Particularly high rates of suicide and bipolar illness have been found in poets. Some psychologists even contend that writing poetry may not be good for your mental health, particularly if you suffer certain predisposing mental vulnerabilities.
In a study entitled 'Word Use in the Poetry of Suicidal and Non-suicidal Poets', psychologists Shannon Stirman and James Pennebaker, from the University of Pennsylvania and University of Texas, point out some psychologists believe Sylvia Plath's poetry may have undermined her coping skills, which in the face of highly stressful life events, possibly contributed to her death through suicide.
Yet writing, particularly poetry, is seen in some circles as a 'release' and therefore therapeutic.
Stirman and Pennebaker probed further. They analysed the words in the poems of suicidal poets, investigating a theory that it might be possible to predict which poet is going to kill themselves, from the word choice in their poetry.
These psychologists analysed a total of 156 poems by eminent poets who committed suicide, and compared them with equally famous poets who did not.
Overall, the suicidal group of poets used more first-person singular (I, me, my) words in their poetry than did the control group. Suicidal poets also used the words 'we', 'us', and 'our' more in the early and middle phases of their career, than did the non-suicidal group. The percentage of use dropped sharply below that of the non-suicide group, during the late periods of their career (ie just before the suicide).
The authors of this study, published in the journal 'Psychosomatic Medicine', suggest that the finding of more first-person singular self-references ('I', 'me', 'my') in their poetry throughout their careers, means that self-references do not increase over time in the suicidal poets. Stirman and Pennebaker contend this means that the suicidal poets' level of preoccupation with self is not due to increasing levels of fame or recognition of their work over time.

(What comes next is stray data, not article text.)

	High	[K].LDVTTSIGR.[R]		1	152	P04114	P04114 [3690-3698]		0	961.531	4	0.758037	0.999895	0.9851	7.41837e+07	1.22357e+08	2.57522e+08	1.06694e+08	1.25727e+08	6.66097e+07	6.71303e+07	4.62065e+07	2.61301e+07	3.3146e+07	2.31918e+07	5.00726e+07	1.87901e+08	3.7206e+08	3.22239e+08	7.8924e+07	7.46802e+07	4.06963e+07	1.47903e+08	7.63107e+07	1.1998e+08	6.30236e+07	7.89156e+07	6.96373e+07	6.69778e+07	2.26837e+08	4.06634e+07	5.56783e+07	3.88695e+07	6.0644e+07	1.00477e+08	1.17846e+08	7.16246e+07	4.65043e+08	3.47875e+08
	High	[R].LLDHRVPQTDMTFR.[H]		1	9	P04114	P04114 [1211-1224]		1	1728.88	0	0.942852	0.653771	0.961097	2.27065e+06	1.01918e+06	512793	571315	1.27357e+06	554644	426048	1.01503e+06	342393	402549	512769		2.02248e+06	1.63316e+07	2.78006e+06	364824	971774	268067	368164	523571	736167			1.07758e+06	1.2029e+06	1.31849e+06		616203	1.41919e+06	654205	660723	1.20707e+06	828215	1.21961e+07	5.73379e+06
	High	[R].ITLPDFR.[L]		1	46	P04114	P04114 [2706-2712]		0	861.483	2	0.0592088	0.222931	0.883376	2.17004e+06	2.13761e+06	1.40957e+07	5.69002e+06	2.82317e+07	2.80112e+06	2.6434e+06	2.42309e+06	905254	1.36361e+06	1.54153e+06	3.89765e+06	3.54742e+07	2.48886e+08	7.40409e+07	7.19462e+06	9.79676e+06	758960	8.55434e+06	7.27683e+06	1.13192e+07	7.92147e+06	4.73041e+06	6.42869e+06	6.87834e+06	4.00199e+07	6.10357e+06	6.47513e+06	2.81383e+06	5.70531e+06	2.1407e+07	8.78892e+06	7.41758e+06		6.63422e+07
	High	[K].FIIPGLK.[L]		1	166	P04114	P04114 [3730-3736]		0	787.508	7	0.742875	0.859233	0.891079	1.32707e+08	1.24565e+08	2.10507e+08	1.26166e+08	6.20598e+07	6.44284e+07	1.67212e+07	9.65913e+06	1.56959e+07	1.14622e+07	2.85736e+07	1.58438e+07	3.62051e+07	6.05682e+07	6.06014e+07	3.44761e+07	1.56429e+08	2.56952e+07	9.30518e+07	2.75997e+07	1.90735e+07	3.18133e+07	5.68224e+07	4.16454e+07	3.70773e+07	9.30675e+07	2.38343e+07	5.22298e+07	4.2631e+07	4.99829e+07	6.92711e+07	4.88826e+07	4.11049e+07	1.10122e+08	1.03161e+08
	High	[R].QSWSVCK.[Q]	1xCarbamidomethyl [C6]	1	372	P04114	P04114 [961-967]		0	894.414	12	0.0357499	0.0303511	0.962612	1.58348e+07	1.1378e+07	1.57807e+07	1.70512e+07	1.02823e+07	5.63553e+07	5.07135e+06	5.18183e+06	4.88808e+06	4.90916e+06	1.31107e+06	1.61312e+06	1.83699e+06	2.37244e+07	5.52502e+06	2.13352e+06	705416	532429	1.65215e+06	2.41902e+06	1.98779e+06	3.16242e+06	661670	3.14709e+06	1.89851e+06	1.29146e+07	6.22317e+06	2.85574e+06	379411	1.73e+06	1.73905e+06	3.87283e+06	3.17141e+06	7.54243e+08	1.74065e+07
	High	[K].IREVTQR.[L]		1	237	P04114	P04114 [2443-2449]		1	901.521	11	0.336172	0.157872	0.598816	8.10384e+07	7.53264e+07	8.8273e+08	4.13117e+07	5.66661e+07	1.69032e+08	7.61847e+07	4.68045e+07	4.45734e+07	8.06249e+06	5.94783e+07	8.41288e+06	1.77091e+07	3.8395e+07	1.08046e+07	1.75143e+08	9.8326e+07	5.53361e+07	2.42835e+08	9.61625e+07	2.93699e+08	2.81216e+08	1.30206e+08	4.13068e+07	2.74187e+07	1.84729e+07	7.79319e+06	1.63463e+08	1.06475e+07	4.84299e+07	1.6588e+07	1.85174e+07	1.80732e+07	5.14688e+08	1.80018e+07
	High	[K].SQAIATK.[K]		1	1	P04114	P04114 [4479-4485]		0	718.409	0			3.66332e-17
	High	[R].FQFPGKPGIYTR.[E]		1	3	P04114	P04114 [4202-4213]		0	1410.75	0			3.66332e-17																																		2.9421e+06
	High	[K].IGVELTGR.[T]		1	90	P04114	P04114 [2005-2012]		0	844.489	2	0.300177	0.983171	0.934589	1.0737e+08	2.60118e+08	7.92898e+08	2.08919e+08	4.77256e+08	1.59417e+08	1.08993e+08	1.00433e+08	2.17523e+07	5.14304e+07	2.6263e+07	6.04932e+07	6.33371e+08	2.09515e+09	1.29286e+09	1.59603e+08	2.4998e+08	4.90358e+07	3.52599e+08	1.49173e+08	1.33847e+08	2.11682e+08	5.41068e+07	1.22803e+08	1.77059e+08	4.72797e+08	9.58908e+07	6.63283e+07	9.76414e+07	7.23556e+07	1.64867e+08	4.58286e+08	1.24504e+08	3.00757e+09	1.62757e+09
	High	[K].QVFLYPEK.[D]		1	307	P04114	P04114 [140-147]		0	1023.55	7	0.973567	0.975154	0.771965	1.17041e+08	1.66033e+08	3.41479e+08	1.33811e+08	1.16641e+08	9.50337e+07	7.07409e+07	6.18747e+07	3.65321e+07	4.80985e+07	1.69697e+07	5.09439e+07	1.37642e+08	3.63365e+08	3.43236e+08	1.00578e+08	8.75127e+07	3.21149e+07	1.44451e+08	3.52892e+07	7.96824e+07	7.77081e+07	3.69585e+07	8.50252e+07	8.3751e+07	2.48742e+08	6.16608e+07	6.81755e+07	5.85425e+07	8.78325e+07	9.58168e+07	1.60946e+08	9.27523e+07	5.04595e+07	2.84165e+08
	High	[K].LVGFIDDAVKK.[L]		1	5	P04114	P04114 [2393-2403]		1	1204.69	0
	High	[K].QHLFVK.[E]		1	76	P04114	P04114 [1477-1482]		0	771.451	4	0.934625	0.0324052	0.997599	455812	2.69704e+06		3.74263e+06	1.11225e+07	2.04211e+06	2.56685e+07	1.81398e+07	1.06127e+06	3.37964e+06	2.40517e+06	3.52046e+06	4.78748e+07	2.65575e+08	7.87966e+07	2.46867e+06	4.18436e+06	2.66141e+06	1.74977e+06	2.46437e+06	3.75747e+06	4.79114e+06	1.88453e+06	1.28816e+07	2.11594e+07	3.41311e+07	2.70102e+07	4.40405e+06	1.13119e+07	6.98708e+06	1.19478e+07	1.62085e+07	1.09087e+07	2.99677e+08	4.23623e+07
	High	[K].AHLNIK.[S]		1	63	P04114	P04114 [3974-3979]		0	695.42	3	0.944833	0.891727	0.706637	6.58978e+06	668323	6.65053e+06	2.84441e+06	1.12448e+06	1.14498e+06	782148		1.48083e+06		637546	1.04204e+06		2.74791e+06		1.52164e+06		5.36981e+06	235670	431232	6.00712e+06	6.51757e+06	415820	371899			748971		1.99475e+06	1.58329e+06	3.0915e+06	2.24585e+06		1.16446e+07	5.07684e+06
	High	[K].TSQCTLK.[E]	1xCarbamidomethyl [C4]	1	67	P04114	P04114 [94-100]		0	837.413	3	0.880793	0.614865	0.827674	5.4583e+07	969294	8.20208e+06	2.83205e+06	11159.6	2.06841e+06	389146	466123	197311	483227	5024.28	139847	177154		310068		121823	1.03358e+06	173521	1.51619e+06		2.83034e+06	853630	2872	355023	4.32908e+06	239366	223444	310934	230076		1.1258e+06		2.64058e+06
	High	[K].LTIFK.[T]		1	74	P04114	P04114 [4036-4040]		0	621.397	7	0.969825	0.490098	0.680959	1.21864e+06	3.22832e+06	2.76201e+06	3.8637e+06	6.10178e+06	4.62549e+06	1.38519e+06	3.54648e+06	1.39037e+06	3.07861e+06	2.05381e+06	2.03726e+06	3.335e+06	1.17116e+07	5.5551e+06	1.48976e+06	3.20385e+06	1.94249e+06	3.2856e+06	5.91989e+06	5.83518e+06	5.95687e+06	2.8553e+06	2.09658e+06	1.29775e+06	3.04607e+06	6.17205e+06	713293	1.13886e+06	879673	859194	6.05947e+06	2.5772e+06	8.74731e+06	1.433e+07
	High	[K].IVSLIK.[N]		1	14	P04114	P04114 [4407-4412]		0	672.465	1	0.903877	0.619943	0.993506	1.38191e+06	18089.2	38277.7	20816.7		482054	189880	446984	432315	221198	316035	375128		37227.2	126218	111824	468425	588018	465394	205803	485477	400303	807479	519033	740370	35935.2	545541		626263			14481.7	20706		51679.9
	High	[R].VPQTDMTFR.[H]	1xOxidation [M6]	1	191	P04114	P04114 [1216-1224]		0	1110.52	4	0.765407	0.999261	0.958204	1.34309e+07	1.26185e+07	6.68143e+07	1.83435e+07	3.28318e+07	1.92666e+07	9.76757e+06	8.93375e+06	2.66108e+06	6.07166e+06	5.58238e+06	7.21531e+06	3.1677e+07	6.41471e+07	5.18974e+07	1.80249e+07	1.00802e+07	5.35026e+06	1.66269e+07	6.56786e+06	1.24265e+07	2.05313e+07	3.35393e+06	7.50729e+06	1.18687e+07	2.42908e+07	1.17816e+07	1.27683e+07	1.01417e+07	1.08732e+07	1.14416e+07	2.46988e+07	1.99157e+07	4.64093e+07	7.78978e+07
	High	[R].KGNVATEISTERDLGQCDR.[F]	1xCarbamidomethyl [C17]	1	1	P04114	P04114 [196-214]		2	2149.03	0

Self-reference could be a measure of self-obsession. Maybe getting a lot of attention makes you self-obsessed - or could it be that being self-preoccupied leads you to consider becoming famous? Certainly this self-centredness doesn't appear good for you, if it's linked with suicide propensity.
Stirman and Pennebaker further wonder if their pattern of findings suggest there could even be a kind of 'suicide fingerprint', in patterns of word usage by those who are predisposed to suicide, or becoming more suicidal.
It's perhaps even possible such a 'write fingerprint' might show up in non-poets writings, as in text messages and emails.
However, their main finding is that this 'suicide fingerprint', appears present from the beginning of a poet's career. In other words, suicide and fame might be connected through psychological characteristics present in the personality from the beginning.
The latest evidence is psychological disturbance might drive desire for fame, and this could lie behind the high rates of suicide in the illustrious.